Congress Allows Employment Discrimination Litigants to Take a Full Tax Deduction for Attorney’s Fees Which May in Turn Foster Lower Settlement Costs for Employers

Volume 3, Issue 16
October 20, 2004

Hidden inside the over 600 pages of the American Jobs Creation Act of 2004 ("the Act"), passed by Congress earlier this month and on its way to the President's desk for signature, are provisions ending the "double taxation" of settlements and damage awards in many types of civil rights and employment discrimination cases.

Currently, the Internal Revenue Service ("IRS") requires a civil rights/employment discrimination litigant that settles a case or obtains a damage award to pay taxes on the entire amount, even though a portion of the settlement or award is used to pay the litigant's attorney, who in turn is obligated to pay taxes on the fees received. The IRS takes the position that because the entire award or settlement is for the litigant, the litigant should be taxed for the entire amount, regardless of whether any portion of that settlement or award is eventually used to compensate the litigant's attorney.

The IRS's current "double taxation" policy is pending review by the United States Supreme Court in two cases: Banks v. Commissioner of Internal Revenue, 345 F.3d 373 (6 th Cir. 2003), cert. granted, 124 S.Ct. 1712 (2004), and Banaitis v. Commissioner of Internal Revenue, 340 F.3d 1074 (9 th Cir. 2003), cert. granted, 124 S.Ct. 1713 (2004).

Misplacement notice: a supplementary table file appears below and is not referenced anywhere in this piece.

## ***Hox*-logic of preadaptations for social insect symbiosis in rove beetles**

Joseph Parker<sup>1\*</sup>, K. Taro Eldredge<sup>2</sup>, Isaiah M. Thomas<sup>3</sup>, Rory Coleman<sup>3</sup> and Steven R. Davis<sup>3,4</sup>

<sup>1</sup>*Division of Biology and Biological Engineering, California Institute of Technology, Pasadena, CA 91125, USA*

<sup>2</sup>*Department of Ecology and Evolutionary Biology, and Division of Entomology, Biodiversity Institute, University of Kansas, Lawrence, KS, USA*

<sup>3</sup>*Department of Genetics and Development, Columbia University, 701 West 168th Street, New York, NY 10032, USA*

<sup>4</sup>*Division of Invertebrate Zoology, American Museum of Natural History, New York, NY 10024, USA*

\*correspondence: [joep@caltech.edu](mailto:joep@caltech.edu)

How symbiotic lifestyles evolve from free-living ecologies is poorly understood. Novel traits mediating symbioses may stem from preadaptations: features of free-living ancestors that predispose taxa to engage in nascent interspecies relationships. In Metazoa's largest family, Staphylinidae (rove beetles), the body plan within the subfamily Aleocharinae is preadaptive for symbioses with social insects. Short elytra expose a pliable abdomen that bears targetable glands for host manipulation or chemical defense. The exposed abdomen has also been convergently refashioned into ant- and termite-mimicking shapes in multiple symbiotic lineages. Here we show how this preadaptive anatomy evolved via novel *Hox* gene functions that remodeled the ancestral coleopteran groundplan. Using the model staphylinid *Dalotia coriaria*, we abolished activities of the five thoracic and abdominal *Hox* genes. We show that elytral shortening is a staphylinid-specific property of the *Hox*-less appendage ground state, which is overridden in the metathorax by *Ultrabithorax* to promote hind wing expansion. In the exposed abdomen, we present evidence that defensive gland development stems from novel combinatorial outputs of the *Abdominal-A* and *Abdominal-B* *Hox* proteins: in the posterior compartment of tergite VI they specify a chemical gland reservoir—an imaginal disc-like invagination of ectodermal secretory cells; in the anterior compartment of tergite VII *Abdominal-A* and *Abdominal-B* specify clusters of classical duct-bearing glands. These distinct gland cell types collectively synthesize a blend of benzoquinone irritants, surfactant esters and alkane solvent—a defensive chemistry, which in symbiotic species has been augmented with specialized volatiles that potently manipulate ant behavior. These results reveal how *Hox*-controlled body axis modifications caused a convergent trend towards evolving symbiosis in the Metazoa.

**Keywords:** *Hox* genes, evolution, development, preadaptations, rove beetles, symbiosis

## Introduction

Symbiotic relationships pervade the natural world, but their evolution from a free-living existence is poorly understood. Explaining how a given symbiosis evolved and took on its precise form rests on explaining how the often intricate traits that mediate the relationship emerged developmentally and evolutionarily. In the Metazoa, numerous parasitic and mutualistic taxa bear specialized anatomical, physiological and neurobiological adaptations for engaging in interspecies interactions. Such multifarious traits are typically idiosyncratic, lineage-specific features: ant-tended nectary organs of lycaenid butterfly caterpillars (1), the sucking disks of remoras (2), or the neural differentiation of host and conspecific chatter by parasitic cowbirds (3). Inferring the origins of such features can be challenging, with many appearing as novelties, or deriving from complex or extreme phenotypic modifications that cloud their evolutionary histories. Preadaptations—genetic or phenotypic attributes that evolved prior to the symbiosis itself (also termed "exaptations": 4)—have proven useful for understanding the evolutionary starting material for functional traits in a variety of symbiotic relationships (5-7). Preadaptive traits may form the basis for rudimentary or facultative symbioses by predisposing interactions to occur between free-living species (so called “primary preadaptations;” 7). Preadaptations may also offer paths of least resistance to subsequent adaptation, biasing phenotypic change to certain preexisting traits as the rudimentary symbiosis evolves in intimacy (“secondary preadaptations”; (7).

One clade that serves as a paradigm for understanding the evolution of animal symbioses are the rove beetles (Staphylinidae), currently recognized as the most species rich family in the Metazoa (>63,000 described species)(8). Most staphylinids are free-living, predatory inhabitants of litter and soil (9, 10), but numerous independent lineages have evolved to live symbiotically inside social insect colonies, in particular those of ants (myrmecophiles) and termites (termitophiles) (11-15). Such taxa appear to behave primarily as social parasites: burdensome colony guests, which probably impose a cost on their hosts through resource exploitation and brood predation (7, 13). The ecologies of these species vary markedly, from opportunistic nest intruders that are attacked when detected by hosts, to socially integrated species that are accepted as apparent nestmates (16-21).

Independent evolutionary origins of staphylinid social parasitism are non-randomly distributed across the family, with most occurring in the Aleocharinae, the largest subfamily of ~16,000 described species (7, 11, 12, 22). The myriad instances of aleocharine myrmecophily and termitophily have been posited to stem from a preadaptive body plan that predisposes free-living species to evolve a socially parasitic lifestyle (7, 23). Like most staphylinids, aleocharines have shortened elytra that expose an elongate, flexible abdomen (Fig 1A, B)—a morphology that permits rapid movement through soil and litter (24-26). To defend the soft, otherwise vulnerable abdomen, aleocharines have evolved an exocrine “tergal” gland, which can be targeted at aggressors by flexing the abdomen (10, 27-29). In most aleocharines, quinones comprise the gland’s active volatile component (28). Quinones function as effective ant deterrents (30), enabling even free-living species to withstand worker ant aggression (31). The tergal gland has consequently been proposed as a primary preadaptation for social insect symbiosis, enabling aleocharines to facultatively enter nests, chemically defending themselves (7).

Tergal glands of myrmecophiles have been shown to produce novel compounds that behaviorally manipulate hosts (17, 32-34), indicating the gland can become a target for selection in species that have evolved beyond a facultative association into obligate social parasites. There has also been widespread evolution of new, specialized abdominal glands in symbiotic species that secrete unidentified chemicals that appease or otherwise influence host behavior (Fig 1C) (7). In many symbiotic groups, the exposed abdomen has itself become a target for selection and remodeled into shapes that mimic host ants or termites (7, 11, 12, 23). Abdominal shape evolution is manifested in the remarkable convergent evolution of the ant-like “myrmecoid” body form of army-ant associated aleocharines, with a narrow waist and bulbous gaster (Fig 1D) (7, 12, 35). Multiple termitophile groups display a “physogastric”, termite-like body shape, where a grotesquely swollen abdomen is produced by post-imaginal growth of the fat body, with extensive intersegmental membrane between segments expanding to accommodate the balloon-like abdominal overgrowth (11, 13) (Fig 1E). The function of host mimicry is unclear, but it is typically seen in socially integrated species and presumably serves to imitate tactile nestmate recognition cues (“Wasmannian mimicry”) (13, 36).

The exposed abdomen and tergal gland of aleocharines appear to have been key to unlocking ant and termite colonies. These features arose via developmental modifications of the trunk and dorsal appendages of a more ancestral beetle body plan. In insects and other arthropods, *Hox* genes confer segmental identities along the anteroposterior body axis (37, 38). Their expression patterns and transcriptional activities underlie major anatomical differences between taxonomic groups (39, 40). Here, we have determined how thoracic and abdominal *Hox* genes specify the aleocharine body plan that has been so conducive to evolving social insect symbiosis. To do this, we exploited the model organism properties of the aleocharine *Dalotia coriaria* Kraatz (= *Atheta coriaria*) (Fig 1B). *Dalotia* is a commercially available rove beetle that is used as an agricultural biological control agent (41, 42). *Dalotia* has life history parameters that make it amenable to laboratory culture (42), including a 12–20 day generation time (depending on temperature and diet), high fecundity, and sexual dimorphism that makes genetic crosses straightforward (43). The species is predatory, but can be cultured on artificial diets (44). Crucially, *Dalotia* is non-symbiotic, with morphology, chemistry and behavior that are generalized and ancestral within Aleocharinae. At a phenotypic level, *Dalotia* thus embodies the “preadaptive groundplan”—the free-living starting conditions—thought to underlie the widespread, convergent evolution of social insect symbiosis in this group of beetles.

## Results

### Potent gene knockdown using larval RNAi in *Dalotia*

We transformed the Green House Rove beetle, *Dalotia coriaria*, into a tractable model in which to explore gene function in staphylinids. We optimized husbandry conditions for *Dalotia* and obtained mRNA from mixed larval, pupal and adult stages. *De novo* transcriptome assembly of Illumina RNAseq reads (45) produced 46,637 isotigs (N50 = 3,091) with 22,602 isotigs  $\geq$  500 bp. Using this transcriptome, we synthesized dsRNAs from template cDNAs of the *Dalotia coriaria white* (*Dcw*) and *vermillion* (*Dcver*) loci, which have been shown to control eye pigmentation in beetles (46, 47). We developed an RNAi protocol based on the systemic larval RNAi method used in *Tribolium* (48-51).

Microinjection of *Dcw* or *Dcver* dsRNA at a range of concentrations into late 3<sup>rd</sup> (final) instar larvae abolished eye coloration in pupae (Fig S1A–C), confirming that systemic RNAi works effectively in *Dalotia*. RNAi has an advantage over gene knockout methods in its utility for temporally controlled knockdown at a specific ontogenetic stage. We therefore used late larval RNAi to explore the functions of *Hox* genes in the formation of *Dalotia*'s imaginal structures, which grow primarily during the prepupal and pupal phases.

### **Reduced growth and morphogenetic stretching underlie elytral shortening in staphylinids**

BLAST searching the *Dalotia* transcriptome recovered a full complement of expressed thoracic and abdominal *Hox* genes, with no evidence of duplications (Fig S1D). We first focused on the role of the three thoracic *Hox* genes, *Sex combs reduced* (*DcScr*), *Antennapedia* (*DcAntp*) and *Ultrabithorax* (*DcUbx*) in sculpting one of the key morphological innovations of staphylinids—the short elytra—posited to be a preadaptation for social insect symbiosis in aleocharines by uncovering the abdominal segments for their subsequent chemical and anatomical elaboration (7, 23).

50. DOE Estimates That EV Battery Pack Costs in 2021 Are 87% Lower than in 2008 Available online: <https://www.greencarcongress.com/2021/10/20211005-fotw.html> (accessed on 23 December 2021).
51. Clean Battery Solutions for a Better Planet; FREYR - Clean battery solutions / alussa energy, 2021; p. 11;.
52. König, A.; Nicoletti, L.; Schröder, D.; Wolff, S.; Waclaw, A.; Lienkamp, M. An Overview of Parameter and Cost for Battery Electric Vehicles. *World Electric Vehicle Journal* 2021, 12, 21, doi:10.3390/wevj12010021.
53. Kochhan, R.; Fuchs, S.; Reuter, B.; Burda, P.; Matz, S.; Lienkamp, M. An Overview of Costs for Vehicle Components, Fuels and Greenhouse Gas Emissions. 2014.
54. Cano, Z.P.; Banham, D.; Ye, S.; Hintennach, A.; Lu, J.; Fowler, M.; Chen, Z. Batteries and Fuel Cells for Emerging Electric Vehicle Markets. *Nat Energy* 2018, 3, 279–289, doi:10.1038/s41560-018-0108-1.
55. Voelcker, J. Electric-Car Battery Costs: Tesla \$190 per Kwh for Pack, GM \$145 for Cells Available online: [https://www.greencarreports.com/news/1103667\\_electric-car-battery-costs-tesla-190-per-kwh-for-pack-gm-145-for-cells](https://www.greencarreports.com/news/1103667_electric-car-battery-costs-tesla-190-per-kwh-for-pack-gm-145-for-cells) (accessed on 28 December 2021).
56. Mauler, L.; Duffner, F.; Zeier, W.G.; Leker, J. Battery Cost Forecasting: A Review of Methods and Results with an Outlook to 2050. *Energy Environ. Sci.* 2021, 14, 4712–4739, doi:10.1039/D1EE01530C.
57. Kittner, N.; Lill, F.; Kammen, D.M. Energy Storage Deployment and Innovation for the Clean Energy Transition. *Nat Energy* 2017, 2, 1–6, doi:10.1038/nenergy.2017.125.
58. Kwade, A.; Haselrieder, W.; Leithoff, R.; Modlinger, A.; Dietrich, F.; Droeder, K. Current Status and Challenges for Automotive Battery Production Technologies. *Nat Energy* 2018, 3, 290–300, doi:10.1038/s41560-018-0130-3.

Section 703 of the Act, which is entitled Civil Rights Tax Relief, allows taxpayers to take a full deduction on their tax returns for the attorney's fees and costs incurred by them as part of a civil rights and employment discrimination settlement or damage award. The Act applies to claims under Title VII of the Civil Rights Act of 1964, the National Labor Relations Act, the Fair Labor Standards Act, the Age Discrimination in Employment Act of 1967, ERISA, the Employee Polygraph Protection Act of 1988, the Worker Adjustment and Retaining Notification Act, the Family Medical Leave Act, the Americans with Disabilities Act of 1990, any federal whistleblower law, and any federal, state or local law, or common law claims for the "enforcement of civil rights" or "regulating any aspect of the employment relationship". These amendments only apply to judgments and settlements made afterthe date of enactment.

The Act's civil rights litigation tax language was supported by a broad spectrum of groups ranging from the U.S. Chamber of Commerce to AARP. Various employer associations, like the U.S. Chamber of Commerce, did not favor the double taxation policy because it had the effect of increasing the cost of settling suits as tax savvy litigants and their counsel would insist on higher settlement amounts to cover the extra tax payments, particularly when the settlement proceeds or damage award implicated the alternative minimum tax.

Thus, if signed by the President, the American Jobs Creation Act of 2004 will help to moderate the costs for both employers and employees to resolve employment-related disputes.

KZA Employer Report articles are for general information only; they are not intended and should not be construed to be legal advice. Reading or replying to such articles does not establish an attorney-client relationship. In addition, because the subject matters and applicable laws discussed in Employer Report articles are often in a state of change and not always applicable to every type of business entity or organization, readers should consult with counsel before making decisions based on the same.